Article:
As we March into spring many of the valley’s hedges are dusted with white but it isn’t snow, it is the frothy white flowers of Blackthorn.  With its dense branching and vicious thorns, Blackthorn makes an excellent stock proof hedge and there are several miles of it around local fields.

Sometimes there is confusion in spring between Blackthorn flowers and the other common hedging shrub Hawthorn, formerly called Whitethorn in some areas.  Blackthorn flowers open in late February through to early April and the key is that it flowers before the leaves open.  Hawthorn flowers open when it is in full leaf and not until mid-April through to May.  

Botanically, Hawthorn is in the Rose family and Blackthorn is in the Plum and Cherry family.  The thorns are actually small, pointed branches which open out into leafy twigs in their second year.  The autumn fruits or sloes are small and dark purple with a stone in the centre, they are also very sour.  Birds such as Thrushes and Fieldfares enjoy them, people use them to make sloe gin.

It is not only the sloes that play their part in our natural web of biodiversity.  The early flowers are an important source of nectar and pollen for insects that have woken early from hibernation as the February climate warms.  The leaves are the food plant for caterpillars of Brown Hairstreak butterflies and several moths such as the Lackey and Magpie moth.  The dense thorny depths of a Blackthorn hedge provide safe and secure nesting sites for many birds including Yellowhammers and Long-tailed Tits.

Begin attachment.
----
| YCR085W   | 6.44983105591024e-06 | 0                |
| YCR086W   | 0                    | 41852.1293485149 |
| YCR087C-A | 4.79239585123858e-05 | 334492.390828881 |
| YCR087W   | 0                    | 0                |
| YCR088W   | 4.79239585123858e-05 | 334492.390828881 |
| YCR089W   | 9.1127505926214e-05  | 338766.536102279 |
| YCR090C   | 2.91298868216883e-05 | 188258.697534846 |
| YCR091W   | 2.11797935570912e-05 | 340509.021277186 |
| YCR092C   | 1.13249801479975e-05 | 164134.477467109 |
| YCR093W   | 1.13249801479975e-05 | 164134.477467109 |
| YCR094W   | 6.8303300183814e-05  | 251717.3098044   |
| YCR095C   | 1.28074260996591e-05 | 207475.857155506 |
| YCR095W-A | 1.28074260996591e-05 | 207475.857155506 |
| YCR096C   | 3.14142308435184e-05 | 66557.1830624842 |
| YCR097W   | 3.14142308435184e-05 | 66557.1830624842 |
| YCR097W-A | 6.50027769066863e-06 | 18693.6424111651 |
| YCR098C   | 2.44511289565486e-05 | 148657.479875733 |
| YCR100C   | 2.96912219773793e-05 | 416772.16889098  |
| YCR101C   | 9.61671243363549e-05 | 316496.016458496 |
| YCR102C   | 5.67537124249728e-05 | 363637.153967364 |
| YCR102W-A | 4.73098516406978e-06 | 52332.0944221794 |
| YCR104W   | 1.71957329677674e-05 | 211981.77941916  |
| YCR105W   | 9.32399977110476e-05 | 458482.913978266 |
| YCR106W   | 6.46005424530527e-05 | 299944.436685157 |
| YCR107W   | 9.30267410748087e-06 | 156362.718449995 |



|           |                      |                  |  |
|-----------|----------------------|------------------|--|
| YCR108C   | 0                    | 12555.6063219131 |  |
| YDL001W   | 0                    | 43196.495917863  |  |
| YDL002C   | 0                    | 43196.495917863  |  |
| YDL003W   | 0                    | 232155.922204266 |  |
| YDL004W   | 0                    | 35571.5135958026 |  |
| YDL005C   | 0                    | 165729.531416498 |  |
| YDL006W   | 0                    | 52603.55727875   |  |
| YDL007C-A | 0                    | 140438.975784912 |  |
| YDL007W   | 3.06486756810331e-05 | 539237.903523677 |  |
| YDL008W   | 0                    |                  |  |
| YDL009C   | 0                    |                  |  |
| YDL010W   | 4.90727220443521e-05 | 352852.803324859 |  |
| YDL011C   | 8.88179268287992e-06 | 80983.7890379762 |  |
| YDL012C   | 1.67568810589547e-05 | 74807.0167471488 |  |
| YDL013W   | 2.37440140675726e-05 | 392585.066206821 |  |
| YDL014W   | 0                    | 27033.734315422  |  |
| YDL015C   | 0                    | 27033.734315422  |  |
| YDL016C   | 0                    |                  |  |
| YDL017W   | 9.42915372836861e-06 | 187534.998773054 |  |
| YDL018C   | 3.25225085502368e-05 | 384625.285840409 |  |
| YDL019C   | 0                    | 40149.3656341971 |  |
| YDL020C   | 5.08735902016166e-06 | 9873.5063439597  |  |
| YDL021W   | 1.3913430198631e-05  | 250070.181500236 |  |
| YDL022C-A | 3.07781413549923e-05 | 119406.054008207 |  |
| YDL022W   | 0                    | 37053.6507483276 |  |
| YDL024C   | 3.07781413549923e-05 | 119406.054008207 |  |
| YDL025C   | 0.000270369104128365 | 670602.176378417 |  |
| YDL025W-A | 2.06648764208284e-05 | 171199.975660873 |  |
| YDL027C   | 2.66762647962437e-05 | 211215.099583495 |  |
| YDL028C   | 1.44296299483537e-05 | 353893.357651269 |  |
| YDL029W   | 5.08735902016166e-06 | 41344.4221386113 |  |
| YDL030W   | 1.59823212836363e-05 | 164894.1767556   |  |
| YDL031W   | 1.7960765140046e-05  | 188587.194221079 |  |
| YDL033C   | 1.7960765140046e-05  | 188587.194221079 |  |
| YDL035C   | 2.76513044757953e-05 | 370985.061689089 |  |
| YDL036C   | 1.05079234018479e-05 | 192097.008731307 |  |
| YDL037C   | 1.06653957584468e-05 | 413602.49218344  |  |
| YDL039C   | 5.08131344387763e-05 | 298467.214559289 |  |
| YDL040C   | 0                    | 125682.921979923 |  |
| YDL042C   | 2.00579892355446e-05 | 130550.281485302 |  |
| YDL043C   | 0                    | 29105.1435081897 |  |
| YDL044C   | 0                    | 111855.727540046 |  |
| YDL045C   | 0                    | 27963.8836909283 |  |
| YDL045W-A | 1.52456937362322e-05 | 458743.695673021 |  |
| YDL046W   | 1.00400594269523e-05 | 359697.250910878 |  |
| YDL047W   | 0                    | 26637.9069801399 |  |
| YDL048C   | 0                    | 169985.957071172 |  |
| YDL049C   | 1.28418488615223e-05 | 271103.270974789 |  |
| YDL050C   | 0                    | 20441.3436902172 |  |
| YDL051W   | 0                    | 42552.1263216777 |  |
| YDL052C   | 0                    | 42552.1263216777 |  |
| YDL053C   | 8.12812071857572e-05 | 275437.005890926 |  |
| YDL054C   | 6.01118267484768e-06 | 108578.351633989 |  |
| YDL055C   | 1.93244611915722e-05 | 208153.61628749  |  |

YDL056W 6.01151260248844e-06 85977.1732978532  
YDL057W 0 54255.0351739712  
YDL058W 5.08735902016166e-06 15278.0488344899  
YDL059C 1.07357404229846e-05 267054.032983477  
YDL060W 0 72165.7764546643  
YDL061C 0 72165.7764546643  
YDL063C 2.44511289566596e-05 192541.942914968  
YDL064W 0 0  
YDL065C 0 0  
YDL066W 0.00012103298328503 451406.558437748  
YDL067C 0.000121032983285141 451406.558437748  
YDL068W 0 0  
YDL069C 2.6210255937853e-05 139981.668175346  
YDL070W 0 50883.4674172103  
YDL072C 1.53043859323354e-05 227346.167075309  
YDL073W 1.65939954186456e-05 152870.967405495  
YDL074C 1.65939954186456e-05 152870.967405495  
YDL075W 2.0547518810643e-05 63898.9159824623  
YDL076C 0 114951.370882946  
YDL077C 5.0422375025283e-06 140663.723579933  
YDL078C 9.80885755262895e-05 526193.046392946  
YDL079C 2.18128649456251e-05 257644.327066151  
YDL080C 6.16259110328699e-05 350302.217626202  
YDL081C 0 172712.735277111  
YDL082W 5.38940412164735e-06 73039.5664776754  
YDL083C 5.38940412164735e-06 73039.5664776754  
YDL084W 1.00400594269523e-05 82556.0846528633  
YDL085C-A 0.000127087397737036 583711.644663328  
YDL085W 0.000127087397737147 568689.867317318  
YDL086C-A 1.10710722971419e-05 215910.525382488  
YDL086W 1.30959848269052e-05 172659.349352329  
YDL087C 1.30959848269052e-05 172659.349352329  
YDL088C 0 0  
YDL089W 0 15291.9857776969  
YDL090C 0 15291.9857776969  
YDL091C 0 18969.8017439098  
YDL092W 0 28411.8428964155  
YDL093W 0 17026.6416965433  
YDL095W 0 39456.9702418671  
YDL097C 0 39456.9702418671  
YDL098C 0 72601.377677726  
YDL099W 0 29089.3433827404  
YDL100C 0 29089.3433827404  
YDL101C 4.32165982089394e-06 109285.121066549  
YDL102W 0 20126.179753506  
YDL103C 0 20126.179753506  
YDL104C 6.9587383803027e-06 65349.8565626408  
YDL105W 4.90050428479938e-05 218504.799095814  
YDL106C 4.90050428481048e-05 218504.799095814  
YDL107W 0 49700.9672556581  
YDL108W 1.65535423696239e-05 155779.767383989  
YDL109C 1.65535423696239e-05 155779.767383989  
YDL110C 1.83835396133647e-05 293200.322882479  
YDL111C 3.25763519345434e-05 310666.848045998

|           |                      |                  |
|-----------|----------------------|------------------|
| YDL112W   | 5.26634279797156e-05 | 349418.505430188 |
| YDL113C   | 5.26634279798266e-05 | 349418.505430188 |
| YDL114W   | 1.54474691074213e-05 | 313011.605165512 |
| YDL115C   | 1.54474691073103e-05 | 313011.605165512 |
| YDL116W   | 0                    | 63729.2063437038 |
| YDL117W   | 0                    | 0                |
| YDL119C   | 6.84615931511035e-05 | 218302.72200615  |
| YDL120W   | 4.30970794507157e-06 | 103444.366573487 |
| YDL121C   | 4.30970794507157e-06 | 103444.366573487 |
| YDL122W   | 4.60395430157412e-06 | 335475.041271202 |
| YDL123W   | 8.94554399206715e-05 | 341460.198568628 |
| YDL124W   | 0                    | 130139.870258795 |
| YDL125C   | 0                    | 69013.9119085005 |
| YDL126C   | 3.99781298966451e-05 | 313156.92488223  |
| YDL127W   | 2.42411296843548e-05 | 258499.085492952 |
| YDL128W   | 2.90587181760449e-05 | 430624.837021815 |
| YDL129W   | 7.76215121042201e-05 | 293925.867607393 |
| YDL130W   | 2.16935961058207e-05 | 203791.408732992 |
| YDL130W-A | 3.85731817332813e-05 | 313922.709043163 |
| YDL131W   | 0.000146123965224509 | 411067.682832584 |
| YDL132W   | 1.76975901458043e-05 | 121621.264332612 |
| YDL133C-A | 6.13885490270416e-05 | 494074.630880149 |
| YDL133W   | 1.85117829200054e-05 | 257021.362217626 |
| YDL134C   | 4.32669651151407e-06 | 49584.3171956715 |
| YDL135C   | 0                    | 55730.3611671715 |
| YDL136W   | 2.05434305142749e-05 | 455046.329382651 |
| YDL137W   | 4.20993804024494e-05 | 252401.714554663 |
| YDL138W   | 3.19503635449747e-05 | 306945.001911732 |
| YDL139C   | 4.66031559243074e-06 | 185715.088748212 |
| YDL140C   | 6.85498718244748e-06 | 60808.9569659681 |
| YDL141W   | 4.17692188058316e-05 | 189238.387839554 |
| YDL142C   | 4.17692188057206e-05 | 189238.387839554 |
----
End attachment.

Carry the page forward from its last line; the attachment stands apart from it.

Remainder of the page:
If left to grow into a small tree, the bark of Blackthorn is a favourite site for several lichens.  If you walk the footpath from the Salcombe Regis War Memorial down to Griggs Lane, the neglected Blackthorn hedges at the bottom of James Cornish Field are encrusted with several lichens including some very bushy Usnea Beards which Long-tailed Tits will weave into their nests.

If Blackthorn is allowed to grow into a small tree, its poles make superb walking sticks.  A Blackthorn staff and wand were the essential tools of wizards and witches, or so mythology tells us, I will let you decide on that.

Ed Dolphin

SVBG is a not for profit organisation dependant on volunteers, grants and donations.  Without funding we cannot operate and many of our biodiversity projects will cease.

Even the smallest donation can make a difference to wildlife such as the kingfisher on our logo.  

The easiest way to donate a small sum is to click here to Donate

lf you want to give a larger donation, or for a specific project please get in touch via our Contacts page

Leave a Reply

Your email address will not be published. Required fields are marked *